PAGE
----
- Classical education is the best fit for our family. One of the aspects my daughter missed the most about CC was having one teacher for all areas of study. Changing classes in junior high was overwhelming and stressful. The small class size and dialectic discussions in Challenge were not to be had in her junior high classes where the classroom lecture was emphasized.
- Mean girls exist in Christian schools, and the larger class sizes make it possible for caring teachers to have NO IDEA what is happening behind the scenes. This scenario is not as possible in a Challenge class since the class sizes are smaller and the single tutor has eyes and ears on situations and can immediately address any problems that may develop.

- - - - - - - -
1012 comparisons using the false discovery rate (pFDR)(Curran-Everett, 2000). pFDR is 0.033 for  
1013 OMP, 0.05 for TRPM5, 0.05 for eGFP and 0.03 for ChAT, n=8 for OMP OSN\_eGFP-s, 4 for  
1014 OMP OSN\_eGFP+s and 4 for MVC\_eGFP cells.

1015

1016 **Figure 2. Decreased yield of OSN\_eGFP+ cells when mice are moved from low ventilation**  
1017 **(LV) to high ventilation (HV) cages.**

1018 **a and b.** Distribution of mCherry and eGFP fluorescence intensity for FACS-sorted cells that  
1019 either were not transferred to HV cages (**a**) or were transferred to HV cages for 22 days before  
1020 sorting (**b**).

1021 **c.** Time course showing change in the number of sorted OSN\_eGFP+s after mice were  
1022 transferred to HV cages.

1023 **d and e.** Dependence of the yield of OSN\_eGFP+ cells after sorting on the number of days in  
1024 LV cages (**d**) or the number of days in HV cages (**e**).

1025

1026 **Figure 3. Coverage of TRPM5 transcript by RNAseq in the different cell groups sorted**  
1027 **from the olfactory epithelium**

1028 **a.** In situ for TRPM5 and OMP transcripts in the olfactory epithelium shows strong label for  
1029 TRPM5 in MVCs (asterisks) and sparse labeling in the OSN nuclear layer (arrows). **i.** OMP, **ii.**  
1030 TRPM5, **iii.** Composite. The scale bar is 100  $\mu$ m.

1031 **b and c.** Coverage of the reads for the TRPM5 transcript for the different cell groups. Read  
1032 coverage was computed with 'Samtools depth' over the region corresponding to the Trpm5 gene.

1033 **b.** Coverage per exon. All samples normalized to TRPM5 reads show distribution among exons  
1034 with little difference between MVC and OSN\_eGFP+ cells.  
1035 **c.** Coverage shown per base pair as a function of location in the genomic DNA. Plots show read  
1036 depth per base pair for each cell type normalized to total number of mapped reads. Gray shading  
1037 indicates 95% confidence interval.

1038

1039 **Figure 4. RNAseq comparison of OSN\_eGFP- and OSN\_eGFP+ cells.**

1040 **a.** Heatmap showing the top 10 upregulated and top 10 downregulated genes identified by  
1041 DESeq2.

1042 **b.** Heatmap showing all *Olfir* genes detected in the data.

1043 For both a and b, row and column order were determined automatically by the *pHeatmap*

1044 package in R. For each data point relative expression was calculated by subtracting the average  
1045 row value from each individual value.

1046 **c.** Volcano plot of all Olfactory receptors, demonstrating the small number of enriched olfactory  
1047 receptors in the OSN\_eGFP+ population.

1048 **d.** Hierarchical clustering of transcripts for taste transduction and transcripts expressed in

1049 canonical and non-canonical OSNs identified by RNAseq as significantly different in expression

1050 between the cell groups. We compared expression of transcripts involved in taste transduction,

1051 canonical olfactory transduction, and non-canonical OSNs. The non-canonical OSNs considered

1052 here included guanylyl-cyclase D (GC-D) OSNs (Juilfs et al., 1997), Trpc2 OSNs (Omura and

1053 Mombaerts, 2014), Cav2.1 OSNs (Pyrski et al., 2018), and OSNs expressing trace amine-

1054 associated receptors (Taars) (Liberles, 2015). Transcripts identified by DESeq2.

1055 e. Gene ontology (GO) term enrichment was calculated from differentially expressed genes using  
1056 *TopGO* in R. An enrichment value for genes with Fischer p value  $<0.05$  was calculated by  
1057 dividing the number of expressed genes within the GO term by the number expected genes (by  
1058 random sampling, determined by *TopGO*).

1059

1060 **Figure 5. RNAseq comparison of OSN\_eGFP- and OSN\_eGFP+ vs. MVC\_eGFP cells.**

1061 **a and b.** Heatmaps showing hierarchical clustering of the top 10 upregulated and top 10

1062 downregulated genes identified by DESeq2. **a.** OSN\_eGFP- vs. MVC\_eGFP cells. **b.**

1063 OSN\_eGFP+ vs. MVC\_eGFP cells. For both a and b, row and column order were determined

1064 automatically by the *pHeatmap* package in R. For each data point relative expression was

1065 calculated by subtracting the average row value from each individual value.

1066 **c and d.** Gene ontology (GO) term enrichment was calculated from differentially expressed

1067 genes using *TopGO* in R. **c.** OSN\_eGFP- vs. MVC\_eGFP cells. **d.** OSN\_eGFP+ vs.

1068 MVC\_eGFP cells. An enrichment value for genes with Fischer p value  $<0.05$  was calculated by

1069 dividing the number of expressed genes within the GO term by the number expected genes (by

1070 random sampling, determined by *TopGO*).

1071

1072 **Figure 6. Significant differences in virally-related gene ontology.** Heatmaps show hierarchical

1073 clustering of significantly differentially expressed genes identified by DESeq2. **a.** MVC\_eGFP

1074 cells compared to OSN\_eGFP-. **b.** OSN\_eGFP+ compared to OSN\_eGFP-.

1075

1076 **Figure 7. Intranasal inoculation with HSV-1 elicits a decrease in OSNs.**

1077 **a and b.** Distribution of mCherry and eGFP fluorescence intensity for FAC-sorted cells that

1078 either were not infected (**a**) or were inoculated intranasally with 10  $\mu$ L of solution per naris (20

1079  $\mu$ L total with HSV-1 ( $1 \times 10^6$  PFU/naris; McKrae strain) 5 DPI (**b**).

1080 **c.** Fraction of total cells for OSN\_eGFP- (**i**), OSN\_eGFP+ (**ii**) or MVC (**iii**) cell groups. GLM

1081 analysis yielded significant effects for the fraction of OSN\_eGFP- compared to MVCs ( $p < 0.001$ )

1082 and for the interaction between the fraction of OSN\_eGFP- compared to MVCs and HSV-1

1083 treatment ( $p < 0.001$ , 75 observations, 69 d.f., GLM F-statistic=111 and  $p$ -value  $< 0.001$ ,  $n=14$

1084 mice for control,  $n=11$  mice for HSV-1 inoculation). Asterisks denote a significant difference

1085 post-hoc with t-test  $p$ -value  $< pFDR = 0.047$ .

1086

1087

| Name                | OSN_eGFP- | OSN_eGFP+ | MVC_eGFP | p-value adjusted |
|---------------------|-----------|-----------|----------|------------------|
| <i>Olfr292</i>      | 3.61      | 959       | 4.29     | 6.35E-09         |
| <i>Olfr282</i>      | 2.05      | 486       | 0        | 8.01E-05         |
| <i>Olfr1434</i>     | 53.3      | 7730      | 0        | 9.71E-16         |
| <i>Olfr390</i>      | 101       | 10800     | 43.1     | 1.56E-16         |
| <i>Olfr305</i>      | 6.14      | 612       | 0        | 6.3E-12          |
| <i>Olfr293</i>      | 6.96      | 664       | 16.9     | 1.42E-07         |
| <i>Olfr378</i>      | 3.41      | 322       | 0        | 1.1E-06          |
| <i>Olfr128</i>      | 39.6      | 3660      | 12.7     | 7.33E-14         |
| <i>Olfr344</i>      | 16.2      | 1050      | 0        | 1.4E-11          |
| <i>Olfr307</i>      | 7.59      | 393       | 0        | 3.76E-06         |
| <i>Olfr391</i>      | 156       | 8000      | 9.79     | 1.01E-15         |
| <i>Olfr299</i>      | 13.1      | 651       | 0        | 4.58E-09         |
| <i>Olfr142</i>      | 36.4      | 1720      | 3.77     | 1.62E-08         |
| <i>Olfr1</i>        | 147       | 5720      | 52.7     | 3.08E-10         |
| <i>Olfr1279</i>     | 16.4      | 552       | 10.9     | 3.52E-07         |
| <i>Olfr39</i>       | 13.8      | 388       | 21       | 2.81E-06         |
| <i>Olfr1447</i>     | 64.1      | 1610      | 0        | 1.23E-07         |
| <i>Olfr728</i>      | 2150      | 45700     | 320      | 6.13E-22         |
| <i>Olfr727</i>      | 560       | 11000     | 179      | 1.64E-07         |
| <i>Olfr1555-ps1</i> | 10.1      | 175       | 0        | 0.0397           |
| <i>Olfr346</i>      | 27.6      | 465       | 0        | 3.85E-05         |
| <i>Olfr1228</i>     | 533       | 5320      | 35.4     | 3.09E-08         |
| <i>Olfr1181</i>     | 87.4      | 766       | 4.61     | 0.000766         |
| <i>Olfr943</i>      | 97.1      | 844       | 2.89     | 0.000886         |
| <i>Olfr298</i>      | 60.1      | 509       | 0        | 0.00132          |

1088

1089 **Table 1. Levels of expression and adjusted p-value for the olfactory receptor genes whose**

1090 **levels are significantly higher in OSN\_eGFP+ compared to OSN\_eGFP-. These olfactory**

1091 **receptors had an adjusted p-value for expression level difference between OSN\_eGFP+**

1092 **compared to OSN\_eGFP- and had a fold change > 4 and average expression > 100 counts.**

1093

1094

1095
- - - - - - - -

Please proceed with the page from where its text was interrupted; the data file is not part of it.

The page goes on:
- The “face time” with her friends that my daughter so strongly desired can be achieved through some intentional planning. Now that I am physically better, I feel excited and empowered as the Lord keeps giving me idea after idea on ways that we can increase the social avenues with her Challenge classmates….such as a summer theater production, study halls during the year, service opportunities…
Moving forward, we tighten our knapsacks and dust off our pants, confident that the Lord will continue to work in and through us, no matter which way the road ahead leads. I feel so blessed by our CC family that has continued to BE a family even as we took a detour this past semester.